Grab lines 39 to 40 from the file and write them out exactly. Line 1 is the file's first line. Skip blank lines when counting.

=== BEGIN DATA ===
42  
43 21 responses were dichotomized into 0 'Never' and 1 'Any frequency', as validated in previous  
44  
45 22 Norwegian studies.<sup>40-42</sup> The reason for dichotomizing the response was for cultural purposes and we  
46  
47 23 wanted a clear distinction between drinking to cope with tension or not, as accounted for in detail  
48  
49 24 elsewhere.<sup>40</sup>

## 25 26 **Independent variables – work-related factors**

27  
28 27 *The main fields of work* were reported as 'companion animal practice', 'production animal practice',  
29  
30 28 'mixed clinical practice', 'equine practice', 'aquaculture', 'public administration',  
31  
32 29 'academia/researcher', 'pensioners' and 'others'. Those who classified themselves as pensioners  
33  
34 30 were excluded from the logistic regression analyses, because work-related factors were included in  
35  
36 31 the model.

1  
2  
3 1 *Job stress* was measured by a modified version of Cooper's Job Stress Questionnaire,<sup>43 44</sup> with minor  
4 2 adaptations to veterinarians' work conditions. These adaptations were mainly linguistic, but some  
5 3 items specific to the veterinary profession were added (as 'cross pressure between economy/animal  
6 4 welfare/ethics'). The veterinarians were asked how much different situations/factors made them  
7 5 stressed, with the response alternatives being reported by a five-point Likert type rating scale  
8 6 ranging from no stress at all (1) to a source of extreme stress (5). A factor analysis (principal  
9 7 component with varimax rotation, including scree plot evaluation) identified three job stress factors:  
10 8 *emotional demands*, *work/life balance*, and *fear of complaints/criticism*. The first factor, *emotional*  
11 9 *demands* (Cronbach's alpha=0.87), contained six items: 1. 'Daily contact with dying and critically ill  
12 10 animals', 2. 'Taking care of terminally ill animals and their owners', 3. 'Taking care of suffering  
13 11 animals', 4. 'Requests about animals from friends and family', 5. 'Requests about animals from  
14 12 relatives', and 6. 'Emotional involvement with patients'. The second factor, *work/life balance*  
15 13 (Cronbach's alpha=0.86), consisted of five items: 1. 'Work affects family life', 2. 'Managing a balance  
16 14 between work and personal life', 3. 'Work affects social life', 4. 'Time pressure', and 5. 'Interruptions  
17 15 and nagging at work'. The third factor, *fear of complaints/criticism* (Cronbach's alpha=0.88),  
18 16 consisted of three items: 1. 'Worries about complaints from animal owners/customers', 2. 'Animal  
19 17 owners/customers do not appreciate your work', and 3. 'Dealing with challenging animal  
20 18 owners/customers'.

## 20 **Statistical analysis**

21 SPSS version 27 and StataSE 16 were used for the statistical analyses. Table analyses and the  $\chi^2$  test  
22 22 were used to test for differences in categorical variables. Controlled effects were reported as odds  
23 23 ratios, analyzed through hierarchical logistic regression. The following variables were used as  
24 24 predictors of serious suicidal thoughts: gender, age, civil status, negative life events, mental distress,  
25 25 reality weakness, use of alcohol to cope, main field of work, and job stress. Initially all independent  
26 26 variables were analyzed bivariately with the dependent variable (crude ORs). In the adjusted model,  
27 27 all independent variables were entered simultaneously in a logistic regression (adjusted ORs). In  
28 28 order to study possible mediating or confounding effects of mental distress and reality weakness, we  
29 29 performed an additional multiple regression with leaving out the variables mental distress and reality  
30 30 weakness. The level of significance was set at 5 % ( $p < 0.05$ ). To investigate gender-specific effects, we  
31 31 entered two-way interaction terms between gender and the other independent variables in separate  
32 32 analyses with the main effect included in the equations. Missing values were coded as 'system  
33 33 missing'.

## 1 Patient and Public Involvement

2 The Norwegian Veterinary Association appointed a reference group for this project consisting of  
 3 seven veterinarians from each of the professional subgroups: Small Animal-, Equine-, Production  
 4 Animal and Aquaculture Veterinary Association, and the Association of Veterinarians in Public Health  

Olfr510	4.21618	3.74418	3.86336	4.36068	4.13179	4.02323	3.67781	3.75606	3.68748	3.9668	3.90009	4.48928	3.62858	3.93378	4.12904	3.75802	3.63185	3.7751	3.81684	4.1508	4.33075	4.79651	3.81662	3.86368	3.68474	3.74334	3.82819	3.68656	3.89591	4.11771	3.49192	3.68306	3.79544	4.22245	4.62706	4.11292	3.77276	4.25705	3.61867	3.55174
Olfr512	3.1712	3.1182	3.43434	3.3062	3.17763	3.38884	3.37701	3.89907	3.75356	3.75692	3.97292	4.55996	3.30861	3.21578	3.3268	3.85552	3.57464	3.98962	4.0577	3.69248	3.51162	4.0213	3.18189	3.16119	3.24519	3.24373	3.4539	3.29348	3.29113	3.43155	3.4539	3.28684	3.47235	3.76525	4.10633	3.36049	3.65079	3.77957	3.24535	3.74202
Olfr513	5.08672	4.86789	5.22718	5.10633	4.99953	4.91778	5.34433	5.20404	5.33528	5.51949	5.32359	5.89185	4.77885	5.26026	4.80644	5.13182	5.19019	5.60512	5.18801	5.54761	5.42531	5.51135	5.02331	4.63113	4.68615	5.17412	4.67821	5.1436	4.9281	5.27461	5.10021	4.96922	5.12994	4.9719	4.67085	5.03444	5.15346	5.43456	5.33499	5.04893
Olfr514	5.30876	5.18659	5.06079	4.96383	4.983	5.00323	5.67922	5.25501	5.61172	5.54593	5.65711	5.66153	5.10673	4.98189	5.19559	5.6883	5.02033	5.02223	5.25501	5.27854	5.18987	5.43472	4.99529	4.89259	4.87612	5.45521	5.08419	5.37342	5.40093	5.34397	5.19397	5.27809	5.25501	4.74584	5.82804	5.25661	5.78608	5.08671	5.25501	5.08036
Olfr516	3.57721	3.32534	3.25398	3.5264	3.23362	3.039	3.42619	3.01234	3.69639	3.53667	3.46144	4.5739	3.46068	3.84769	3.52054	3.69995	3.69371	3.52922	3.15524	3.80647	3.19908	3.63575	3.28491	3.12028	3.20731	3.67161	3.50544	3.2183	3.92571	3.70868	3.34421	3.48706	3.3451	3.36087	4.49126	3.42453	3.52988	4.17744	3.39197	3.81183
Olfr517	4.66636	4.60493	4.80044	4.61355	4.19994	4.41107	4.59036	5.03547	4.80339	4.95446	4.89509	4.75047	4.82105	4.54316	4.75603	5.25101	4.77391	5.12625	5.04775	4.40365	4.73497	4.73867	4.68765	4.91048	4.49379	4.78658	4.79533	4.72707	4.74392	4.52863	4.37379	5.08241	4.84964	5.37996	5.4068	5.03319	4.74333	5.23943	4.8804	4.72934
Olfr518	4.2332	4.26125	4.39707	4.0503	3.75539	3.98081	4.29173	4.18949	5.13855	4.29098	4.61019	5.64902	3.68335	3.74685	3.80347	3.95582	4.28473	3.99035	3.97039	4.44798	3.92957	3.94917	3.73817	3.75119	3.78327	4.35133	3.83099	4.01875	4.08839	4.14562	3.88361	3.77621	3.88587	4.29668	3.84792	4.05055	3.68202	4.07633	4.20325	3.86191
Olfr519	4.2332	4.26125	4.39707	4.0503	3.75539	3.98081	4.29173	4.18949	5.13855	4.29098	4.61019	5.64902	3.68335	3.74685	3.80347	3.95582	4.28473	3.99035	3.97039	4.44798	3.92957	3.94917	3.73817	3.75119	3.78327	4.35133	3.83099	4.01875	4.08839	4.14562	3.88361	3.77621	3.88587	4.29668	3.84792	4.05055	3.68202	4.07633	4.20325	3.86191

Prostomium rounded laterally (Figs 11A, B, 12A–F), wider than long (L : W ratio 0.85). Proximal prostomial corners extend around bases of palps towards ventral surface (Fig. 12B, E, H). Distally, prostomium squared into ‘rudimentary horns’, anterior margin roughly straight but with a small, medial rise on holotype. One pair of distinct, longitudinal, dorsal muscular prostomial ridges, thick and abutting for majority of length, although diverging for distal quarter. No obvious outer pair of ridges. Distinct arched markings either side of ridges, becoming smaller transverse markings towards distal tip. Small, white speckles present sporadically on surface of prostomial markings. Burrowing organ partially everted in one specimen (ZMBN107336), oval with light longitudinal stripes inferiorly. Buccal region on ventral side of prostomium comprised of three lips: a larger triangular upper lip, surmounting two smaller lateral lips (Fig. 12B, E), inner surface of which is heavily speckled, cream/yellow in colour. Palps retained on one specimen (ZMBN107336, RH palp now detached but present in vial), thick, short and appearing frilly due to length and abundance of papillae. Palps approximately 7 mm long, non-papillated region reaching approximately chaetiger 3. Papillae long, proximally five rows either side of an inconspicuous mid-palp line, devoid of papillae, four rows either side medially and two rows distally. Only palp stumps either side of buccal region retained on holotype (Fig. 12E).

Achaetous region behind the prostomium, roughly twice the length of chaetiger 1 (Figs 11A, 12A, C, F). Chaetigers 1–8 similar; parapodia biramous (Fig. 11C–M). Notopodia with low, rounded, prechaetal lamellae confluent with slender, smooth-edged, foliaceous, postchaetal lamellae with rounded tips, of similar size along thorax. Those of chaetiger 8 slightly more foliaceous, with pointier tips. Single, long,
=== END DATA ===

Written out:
20 18 owners/customers'.

## 20 **Statistical analysis**